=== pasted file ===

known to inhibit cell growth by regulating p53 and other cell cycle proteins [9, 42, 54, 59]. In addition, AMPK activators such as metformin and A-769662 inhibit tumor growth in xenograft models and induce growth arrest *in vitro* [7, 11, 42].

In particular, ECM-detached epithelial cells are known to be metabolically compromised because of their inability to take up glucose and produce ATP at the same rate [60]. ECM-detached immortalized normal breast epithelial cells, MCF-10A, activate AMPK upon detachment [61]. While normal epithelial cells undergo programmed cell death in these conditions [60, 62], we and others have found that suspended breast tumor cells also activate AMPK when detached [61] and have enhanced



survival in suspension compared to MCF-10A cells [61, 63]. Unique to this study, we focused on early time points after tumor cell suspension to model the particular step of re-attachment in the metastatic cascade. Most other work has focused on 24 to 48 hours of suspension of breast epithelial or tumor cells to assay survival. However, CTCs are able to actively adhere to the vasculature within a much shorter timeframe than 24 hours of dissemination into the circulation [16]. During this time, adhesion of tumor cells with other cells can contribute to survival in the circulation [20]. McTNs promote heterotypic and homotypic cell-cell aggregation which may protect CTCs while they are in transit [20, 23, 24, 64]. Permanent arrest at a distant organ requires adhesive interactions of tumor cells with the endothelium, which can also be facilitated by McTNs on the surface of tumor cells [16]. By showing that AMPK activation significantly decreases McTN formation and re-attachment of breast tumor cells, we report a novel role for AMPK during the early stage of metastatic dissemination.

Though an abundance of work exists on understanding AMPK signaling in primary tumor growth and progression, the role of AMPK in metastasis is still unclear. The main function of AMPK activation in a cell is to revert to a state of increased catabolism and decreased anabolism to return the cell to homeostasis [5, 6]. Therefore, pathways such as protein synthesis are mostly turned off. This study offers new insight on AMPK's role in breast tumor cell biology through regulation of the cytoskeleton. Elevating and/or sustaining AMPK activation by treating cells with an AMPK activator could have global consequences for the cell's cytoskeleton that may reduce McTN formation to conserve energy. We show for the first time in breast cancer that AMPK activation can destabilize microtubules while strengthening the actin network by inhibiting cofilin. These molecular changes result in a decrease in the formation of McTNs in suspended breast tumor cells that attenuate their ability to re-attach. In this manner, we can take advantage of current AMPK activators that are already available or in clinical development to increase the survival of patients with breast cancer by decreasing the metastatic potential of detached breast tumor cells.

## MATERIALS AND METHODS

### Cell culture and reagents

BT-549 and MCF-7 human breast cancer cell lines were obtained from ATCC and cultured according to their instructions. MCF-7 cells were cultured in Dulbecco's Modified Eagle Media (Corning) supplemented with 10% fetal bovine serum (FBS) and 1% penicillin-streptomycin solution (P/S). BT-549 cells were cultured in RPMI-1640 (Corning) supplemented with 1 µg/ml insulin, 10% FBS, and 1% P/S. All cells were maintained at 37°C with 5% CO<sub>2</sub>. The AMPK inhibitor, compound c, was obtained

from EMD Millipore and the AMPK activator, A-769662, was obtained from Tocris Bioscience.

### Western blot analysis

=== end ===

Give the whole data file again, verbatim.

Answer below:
known to inhibit cell growth by regulating p53 and other cell cycle proteins [9, 42, 54, 59]. In addition, AMPK activators such as metformin and A-769662 inhibit tumor growth in xenograft models and induce growth arrest *in vitro* [7, 11, 42].

In particular, ECM-detached epithelial cells are known to be metabolically compromised because of their inability to take up glucose and produce ATP at the same rate [60]. ECM-detached immortalized normal breast epithelial cells, MCF-10A, activate AMPK upon detachment [61]. While normal epithelial cells undergo programmed cell death in these conditions [60, 62], we and others have found that suspended breast tumor cells also activate AMPK when detached [61] and have enhanced



survival in suspension compared to MCF-10A cells [61, 63]. Unique to this study, we focused on early time points after tumor cell suspension to model the particular step of re-attachment in the metastatic cascade. Most other work has focused on 24 to 48 hours of suspension of breast epithelial or tumor cells to assay survival. However, CTCs are able to actively adhere to the vasculature within a much shorter timeframe than 24 hours of dissemination into the circulation [16]. During this time, adhesion of tumor cells with other cells can contribute to survival in the circulation [20]. McTNs promote heterotypic and homotypic cell-cell aggregation which may protect CTCs while they are in transit [20, 23, 24, 64]. Permanent arrest at a distant organ requires adhesive interactions of tumor cells with the endothelium, which can also be facilitated by McTNs on the surface of tumor cells [16]. By showing that AMPK activation significantly decreases McTN formation and re-attachment of breast tumor cells, we report a novel role for AMPK during the early stage of metastatic dissemination.

Though an abundance of work exists on understanding AMPK signaling in primary tumor growth and progression, the role of AMPK in metastasis is still unclear. The main function of AMPK activation in a cell is to revert to a state of increased catabolism and decreased anabolism to return the cell to homeostasis [5, 6]. Therefore, pathways such as protein synthesis are mostly turned off. This study offers new insight on AMPK's role in breast tumor cell biology through regulation of the cytoskeleton. Elevating and/or sustaining AMPK activation by treating cells with an AMPK activator could have global consequences for the cell's cytoskeleton that may reduce McTN formation to conserve energy. We show for the first time in breast cancer that AMPK activation can destabilize microtubules while strengthening the actin network by inhibiting cofilin. These molecular changes result in a decrease in the formation of McTNs in suspended breast tumor cells that attenuate their ability to re-attach. In this manner, we can take advantage of current AMPK activators that are already available or in clinical development to increase the survival of patients with breast cancer by decreasing the metastatic potential of detached breast tumor cells.

## MATERIALS AND METHODS

### Cell culture and reagents

BT-549 and MCF-7 human breast cancer cell lines were obtained from ATCC and cultured according to their instructions. MCF-7 cells were cultured in Dulbecco's Modified Eagle Media (Corning) supplemented with 10% fetal bovine serum (FBS) and 1% penicillin-streptomycin solution (P/S). BT-549 cells were cultured in RPMI-1640 (Corning) supplemented with 1 µg/ml insulin, 10% FBS, and 1% P/S. All cells were maintained at 37°C with 5% CO<sub>2</sub>. The AMPK inhibitor, compound c, was obtained

from EMD Millipore and the AMPK activator, A-769662, was obtained from Tocris Bioscience.

### Western blot analysis